Another way to go green is to rent your tent rather than buy – especially if you’re only expecting to go camping once a year. UK camping brand Olpro’s new Loan & Go rental service allows customers to pay to borrow any one of Olpro’s tents or awnings for up to eight people. The Knightwick 2.0S tent, for example, can be rented for £35 over three days while the five-berth Home tent costs £170 for the same time period.

Olpro rent a tent

Tentshare is another initiative allowing tent-owners to hire them out to people who want to go camping. You can hire a tent from the website (tentshare.co.uk) or hire out your own tent and make money. The idea is to address the “single use” culture of camping. Fewer cheap tents would be bought, only to be used once, then stored in a garage or loft until they are eventually thrown away.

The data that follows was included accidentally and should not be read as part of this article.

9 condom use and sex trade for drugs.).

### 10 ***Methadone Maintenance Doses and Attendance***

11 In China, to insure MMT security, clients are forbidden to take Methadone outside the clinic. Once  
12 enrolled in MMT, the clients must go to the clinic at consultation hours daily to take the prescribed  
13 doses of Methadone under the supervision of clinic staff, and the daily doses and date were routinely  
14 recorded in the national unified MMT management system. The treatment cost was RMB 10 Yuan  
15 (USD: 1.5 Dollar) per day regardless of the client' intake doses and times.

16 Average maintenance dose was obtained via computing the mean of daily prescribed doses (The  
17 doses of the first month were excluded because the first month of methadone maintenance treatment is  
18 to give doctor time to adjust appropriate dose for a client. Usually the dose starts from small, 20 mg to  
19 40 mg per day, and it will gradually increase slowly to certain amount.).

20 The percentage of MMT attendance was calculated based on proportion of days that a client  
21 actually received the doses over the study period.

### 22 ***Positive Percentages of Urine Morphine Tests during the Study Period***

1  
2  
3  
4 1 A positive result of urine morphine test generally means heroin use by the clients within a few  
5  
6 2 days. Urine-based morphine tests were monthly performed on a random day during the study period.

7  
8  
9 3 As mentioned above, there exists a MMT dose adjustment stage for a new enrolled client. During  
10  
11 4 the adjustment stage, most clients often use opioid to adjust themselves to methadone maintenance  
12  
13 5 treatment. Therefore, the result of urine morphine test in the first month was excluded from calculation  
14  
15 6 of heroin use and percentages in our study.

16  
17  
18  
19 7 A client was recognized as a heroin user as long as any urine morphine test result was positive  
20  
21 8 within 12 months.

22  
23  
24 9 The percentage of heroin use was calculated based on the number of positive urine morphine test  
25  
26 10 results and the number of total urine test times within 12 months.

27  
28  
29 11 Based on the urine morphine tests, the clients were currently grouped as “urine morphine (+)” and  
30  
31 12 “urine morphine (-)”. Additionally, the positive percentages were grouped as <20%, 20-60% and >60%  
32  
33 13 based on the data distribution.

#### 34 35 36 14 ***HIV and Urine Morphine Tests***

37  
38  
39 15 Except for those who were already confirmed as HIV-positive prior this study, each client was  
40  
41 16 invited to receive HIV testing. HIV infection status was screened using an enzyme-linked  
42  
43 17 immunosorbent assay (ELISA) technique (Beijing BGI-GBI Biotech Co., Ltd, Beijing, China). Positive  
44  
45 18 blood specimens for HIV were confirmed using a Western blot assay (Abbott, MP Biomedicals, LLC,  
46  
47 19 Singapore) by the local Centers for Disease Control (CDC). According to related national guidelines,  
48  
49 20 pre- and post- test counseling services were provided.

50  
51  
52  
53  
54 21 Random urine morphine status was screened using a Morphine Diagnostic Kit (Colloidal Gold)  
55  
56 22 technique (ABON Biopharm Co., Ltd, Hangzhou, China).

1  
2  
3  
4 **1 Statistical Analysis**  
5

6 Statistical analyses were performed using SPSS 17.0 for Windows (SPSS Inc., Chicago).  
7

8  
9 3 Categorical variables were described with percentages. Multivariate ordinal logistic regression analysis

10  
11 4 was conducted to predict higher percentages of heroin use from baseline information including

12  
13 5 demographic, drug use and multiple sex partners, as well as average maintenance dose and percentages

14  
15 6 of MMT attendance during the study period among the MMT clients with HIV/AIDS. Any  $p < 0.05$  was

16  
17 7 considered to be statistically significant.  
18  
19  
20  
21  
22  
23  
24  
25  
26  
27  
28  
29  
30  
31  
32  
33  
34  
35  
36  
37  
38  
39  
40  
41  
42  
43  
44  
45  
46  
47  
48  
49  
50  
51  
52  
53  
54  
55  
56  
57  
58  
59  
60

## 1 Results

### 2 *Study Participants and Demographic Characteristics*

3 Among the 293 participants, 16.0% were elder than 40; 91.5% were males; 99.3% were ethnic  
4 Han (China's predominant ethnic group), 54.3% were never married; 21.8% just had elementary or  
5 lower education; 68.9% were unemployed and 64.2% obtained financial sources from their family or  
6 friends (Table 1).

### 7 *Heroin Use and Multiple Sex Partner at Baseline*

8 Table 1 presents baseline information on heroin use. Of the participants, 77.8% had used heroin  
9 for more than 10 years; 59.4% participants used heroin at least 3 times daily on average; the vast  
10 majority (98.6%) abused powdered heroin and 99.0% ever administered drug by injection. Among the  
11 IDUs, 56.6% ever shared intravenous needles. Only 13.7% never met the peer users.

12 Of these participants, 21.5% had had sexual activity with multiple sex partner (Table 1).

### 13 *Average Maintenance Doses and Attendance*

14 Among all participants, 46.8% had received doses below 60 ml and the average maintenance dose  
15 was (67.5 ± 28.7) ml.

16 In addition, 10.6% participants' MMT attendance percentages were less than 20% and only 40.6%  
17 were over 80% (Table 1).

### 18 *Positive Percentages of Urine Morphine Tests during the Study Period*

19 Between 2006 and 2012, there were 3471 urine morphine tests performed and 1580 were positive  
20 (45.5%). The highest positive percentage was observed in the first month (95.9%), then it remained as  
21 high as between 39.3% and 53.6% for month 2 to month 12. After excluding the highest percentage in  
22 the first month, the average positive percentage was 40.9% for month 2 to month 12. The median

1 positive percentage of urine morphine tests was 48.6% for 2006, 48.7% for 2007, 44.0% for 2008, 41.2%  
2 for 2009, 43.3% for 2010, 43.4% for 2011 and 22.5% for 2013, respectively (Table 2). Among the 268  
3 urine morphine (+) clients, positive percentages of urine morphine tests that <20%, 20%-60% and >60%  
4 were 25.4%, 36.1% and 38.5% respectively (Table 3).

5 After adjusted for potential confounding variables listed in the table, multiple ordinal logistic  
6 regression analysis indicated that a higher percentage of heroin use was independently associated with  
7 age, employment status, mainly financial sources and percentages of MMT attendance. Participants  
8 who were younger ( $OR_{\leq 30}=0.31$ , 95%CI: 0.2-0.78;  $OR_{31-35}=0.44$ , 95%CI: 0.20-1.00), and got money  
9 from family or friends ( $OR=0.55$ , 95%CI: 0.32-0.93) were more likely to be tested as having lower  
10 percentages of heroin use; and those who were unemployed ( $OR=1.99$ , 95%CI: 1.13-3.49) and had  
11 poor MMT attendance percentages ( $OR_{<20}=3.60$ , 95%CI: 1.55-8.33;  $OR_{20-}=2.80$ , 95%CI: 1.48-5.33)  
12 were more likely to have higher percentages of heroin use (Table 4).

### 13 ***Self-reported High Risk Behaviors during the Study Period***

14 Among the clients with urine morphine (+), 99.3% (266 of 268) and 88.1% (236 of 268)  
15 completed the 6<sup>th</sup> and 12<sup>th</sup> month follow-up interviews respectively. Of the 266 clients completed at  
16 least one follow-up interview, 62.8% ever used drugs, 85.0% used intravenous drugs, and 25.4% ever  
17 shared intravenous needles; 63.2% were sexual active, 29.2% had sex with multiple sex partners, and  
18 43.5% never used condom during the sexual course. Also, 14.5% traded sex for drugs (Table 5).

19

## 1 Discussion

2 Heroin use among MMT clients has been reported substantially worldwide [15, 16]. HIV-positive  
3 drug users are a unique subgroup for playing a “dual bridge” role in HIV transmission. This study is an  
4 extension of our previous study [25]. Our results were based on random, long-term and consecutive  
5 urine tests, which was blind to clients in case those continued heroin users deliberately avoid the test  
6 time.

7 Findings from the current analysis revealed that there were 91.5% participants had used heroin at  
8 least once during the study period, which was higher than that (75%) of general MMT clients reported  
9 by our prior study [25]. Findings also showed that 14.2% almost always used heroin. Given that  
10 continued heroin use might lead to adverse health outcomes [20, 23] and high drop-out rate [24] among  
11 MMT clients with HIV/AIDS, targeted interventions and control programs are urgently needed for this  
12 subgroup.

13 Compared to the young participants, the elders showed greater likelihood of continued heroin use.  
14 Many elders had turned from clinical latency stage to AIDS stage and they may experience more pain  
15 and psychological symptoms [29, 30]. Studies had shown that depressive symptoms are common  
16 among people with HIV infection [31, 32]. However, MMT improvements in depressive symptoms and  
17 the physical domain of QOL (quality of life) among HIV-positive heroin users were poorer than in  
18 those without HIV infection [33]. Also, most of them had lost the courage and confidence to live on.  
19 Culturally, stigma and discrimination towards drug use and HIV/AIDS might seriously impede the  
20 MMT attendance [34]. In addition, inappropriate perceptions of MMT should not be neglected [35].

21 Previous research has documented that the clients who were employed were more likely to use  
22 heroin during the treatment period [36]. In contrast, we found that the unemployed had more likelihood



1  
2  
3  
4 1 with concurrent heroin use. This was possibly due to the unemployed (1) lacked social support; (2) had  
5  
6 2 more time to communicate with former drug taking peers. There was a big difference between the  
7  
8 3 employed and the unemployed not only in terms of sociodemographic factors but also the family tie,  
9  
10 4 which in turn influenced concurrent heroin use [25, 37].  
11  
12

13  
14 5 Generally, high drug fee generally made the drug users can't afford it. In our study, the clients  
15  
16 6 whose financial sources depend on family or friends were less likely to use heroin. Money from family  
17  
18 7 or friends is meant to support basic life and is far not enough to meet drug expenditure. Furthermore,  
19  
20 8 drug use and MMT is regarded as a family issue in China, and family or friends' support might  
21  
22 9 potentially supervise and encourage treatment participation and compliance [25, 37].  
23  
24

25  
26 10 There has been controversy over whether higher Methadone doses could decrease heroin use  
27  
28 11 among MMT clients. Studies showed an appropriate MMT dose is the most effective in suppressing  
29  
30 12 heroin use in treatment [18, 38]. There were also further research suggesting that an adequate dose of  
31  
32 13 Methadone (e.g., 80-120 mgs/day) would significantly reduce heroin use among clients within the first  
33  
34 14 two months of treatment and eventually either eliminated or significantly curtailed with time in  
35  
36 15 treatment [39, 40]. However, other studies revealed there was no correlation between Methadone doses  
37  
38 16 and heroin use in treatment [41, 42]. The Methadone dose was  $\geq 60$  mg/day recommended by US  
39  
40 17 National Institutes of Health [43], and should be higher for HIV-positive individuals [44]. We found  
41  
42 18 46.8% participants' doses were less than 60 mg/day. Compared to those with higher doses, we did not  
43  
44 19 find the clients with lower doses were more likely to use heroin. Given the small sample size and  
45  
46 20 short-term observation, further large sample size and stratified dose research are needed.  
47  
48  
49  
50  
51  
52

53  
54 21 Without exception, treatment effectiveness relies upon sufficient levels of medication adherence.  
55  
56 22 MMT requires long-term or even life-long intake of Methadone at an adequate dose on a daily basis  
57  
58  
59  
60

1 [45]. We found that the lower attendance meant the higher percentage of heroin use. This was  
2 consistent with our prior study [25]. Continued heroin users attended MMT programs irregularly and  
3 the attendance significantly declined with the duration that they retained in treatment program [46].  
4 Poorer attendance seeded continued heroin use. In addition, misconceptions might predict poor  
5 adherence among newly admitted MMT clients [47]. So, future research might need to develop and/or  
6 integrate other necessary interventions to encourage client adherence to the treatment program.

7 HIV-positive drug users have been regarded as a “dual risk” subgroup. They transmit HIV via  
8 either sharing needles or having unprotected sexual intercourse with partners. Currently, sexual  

As part of its tie-up with Vango mentioned previously, the National Trust is setting up pre-pitch camping options at some of its campsites, including Wasdale in the Lake District, Dolaucothi in Wales and Highertown Farm in Cornwall. Tents and gear will be set up in advance of your arrival, ready for you to move straight in. Similarly, Lee Valley Camping has teamed up an equipment hire business, to provide pre-pitched camping packages.

SOLAR POWER

In an ideal world we would get rid of all our technology for the duration of a camping trip, but that’s probably unrealistic. We can still be environmentally friendly even when using our gadgets. Solar panels or solar-powered chargers are a great way to recharge batteries on phones and tablets and reduce your use of electricity. For lighting, rather than hooking up to the grid, use rechargeable batteries or solar chargers wherever possible.

LEAVE NO FOOTPRINT